ALMATY, Kazakhstan – The populist President of Kyrgyzstan visits Russia on Monday as problems escalate on the home front, following the seizure of a gold mine run by the country’s largest private investor and d deadly clashes along the disputed border with Tajikistan.
President Sadyr Japarov will travel to Sochi on the Russian Black Sea coast for his second meeting with Russian leader Vladimir Putin in three months. What he will gain from the trip, if any, is unclear.
What is clear is the international criticism of the Japarov government’s seizure of the Kumtor gold mine, the main contributor to the country’s besieged economy, as well as the fallout from the border battle that has taken its toll. dozens of deaths.
On May 17, the Kyrgyz government used recently approved powers – legislation hastily rushed by parliament earlier this month – to impose external management of the gold mine. Tengiz Bolturuk, who has stepped down from the board of directors of Canadian mine operator Centerra Gold, has been appointed Kumtor’s temporary external director.
Observers were not surprised by the decision to take control of the lucrative mine, however damaging it does to Kyrgyzstan’s global image.
“Kumtor has always been the source of political drama in Kyrgyzstan. And Japarov’s popularity started with this gold mine in 2012, when he launched a campaign to nationalize it, ”said Temur Umarov, consultant at the Carnegie Center in Moscow, specializing in China and Central Asia, said told Nikkei Asia.
“Of course, what is happening now with Centerra Gold will frighten all (and potential) investors in Kyrgyzstan,” he continued. But he said Japarov calculates “that he will make more money nationalizing the biggest gold mine than spending money on reforms that will not immediately guarantee a lot of investment in the country.”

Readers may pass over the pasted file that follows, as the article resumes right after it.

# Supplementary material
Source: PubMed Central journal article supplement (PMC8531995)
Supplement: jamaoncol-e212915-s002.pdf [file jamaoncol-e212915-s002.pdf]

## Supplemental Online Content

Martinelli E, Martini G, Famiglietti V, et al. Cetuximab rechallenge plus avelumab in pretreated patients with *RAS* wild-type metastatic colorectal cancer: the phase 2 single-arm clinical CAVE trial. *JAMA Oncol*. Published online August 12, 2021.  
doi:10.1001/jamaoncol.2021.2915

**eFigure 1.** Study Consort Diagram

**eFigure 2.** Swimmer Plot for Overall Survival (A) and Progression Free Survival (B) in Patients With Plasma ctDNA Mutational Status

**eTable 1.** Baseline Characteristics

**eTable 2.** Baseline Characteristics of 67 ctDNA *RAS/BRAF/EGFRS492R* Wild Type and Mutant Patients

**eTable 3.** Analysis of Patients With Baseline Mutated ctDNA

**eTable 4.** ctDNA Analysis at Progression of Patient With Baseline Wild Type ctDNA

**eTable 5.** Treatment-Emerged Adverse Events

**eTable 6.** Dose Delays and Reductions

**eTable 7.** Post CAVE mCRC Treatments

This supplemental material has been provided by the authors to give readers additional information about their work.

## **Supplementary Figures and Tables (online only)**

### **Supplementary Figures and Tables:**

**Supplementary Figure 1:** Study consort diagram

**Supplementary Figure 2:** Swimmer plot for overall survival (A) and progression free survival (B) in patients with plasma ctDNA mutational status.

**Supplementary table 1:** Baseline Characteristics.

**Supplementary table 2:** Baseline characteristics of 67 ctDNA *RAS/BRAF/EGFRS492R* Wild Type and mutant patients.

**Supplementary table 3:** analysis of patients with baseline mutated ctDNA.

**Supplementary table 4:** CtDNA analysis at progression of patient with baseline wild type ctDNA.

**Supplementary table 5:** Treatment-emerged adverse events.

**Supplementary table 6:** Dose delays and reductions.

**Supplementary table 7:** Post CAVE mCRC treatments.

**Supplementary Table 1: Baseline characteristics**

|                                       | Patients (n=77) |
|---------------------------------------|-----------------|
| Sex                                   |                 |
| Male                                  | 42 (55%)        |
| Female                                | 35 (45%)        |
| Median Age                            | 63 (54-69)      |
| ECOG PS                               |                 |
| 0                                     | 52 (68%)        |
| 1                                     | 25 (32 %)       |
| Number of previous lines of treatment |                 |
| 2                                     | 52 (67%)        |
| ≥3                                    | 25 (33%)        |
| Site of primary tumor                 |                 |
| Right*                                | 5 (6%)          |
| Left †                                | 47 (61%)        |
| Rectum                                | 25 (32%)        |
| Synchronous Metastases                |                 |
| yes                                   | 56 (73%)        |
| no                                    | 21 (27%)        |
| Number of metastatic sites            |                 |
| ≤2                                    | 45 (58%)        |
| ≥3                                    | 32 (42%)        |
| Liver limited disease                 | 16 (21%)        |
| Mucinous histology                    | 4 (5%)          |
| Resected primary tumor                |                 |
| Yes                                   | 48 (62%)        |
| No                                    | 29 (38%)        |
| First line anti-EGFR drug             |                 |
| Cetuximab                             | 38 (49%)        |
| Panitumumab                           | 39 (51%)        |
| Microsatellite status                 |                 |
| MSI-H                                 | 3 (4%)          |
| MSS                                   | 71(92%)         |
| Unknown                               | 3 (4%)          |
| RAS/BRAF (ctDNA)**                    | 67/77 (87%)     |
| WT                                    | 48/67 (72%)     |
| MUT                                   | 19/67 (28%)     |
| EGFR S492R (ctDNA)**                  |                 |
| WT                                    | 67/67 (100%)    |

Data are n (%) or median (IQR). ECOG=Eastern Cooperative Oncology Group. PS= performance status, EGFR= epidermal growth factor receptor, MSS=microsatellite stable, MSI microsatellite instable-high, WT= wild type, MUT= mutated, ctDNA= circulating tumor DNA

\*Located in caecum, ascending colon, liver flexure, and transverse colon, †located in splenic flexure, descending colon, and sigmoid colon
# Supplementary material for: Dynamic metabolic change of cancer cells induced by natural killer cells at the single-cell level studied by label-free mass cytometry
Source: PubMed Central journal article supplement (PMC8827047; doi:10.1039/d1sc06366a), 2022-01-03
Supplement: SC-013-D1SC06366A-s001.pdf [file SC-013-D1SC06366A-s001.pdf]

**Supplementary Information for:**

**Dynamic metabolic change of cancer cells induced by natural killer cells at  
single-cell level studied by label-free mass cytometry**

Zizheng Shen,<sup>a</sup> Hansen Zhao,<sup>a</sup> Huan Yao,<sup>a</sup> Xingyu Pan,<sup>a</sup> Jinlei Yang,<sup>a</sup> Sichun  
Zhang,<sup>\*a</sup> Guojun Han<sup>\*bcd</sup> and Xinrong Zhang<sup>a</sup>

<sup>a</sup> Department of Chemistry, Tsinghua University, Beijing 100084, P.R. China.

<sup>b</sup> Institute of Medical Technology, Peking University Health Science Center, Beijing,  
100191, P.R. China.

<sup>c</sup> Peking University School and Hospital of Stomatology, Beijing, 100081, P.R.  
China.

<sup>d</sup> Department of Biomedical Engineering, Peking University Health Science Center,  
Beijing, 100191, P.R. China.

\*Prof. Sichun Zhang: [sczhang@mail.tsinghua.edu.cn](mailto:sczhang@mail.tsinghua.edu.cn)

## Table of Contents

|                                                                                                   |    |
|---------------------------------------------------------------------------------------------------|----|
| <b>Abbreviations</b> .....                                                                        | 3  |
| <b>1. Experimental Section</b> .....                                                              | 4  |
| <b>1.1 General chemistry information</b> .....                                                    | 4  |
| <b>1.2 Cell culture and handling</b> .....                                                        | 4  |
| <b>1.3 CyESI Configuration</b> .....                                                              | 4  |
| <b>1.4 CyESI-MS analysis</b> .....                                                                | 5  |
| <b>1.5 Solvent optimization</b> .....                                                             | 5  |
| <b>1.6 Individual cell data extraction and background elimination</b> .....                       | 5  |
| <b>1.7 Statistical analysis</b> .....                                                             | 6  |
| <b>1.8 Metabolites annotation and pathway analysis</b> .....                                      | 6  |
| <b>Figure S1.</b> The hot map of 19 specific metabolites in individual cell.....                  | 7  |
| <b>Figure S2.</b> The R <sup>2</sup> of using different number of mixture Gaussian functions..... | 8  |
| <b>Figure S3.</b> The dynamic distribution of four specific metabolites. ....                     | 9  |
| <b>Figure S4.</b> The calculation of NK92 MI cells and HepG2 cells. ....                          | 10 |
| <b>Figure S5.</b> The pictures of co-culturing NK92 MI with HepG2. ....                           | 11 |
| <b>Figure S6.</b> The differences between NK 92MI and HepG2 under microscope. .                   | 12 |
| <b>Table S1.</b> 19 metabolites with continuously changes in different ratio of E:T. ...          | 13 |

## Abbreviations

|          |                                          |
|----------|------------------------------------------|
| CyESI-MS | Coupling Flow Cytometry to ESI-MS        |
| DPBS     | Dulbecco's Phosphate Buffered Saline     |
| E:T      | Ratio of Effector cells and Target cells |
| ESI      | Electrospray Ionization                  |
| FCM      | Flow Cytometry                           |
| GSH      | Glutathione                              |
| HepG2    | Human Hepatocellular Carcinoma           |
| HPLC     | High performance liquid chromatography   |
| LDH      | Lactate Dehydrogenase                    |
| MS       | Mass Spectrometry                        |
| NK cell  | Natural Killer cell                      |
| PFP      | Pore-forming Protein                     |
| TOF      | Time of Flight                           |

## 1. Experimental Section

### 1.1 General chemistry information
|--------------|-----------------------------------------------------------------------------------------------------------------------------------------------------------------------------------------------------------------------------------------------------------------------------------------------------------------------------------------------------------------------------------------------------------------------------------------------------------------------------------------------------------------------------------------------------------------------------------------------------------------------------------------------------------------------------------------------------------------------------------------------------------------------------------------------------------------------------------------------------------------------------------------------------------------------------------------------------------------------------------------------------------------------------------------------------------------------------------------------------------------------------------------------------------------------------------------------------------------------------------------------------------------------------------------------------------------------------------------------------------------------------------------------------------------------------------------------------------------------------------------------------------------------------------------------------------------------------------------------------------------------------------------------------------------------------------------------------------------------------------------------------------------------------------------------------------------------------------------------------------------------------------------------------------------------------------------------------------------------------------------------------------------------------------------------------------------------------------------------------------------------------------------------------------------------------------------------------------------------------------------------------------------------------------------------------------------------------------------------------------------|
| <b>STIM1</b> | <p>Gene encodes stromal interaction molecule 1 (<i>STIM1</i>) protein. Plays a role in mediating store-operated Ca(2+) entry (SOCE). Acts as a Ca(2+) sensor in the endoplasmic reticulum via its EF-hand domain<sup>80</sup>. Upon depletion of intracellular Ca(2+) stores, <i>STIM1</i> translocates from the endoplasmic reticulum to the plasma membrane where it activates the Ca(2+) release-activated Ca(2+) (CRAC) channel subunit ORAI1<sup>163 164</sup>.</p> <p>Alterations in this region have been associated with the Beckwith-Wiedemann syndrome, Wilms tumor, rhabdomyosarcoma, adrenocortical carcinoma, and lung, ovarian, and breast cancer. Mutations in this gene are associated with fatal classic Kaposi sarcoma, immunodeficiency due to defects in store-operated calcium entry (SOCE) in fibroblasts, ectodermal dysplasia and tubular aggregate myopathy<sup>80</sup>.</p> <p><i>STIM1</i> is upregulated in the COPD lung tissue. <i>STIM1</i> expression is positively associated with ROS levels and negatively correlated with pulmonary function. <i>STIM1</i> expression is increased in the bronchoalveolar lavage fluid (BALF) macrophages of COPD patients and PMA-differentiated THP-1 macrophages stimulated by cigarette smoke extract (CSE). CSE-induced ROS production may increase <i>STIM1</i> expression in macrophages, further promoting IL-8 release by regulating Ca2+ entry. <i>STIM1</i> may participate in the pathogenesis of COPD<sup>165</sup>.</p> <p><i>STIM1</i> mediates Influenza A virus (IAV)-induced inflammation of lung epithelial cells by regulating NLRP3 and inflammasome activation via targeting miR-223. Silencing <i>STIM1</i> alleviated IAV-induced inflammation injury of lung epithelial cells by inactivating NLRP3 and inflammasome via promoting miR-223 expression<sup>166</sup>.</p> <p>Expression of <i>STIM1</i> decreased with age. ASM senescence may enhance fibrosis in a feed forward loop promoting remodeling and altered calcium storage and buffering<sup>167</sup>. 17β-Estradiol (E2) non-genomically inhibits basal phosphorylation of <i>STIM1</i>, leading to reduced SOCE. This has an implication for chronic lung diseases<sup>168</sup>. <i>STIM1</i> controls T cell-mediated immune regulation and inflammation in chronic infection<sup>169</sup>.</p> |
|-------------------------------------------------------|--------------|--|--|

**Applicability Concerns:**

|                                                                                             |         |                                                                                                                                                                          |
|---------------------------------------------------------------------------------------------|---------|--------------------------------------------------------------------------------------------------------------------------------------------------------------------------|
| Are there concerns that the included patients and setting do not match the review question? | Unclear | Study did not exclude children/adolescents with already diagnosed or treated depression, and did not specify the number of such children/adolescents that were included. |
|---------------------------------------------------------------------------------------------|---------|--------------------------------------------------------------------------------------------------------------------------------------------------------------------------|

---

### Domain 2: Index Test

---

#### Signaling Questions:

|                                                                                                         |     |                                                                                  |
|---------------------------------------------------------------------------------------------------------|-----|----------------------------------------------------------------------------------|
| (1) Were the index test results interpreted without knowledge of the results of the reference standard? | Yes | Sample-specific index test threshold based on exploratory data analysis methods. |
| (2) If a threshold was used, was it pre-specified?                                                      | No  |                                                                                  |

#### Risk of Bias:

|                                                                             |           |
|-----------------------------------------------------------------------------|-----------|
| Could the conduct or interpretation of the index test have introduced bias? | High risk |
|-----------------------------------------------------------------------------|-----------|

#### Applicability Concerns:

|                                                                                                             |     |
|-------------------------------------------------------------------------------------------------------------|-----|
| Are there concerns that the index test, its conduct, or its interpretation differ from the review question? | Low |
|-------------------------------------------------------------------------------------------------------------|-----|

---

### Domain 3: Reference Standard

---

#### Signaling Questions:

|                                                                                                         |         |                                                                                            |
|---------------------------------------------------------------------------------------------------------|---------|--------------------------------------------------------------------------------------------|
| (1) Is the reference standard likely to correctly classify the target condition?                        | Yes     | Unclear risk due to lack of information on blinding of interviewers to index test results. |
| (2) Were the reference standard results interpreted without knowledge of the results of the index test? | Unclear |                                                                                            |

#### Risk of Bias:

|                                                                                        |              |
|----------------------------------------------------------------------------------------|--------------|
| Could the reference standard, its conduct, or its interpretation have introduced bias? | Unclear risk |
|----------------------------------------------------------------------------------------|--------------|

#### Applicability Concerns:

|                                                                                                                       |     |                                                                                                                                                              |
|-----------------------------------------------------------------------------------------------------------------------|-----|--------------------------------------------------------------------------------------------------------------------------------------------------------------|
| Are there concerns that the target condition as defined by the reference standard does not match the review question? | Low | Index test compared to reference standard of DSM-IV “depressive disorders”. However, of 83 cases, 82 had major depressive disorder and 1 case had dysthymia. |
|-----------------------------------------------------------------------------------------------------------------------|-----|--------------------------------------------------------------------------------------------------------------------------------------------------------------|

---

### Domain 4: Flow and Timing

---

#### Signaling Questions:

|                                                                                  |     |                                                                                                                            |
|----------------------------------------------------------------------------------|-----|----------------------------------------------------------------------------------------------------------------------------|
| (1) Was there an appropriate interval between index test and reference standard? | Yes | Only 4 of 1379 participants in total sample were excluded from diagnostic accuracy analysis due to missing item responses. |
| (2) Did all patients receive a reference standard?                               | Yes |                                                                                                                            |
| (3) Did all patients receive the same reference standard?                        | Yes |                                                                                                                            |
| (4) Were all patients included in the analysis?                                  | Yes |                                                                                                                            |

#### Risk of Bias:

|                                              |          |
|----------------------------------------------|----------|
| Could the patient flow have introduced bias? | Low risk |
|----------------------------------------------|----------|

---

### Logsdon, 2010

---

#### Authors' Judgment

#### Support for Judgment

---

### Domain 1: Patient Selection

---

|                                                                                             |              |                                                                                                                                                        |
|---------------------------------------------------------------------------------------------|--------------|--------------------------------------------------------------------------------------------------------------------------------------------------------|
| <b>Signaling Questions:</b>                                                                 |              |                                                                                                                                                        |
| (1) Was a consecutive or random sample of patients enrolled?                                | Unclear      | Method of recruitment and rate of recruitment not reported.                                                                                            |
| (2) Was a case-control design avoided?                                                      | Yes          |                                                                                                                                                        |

At the end of 2020, Kyrgyzstan owed $ 4.2 billion to external creditors, including $ 1.8 billion to the Export-Import Bank of China. Faced with heavy debt and economic pressure from the global coronavirus downturn, Umarov argued that Japarov was not interested in working to attract investors. “He needs the results of his actions now and he doesn’t care much about the country’s future.”
Japarov rose to power last fall on a wave of populist nationalism and is also under pressure to deliver on his campaign promises – from eradicating corruption and promoting the rule of law to economic prosperity.
“The company is starting to realize that the promises he made are unrealistic,” Umarov added.
“The recent deadlock on the border with Tajikistan has also led to a wave of criticism of his policy. So Japarov wants to compensate for the support he has lost and double the nationalist sentiment. Kumtor is here a perfect object for this purpose,” concludes the analyst.
In a first salvo on May 7, Centerra’s subsidiary, Kumtor Gold Company, was fined $ 3 billion after a Kyrgyz court ruled it violated environmental rules. This allowed the Kyrgyz authorities to place the mine under external management for a short period in order to remedy these alleged environmental and safety violations in accordance with fast-track legislation. The company also received a tax bill of $ 170 million.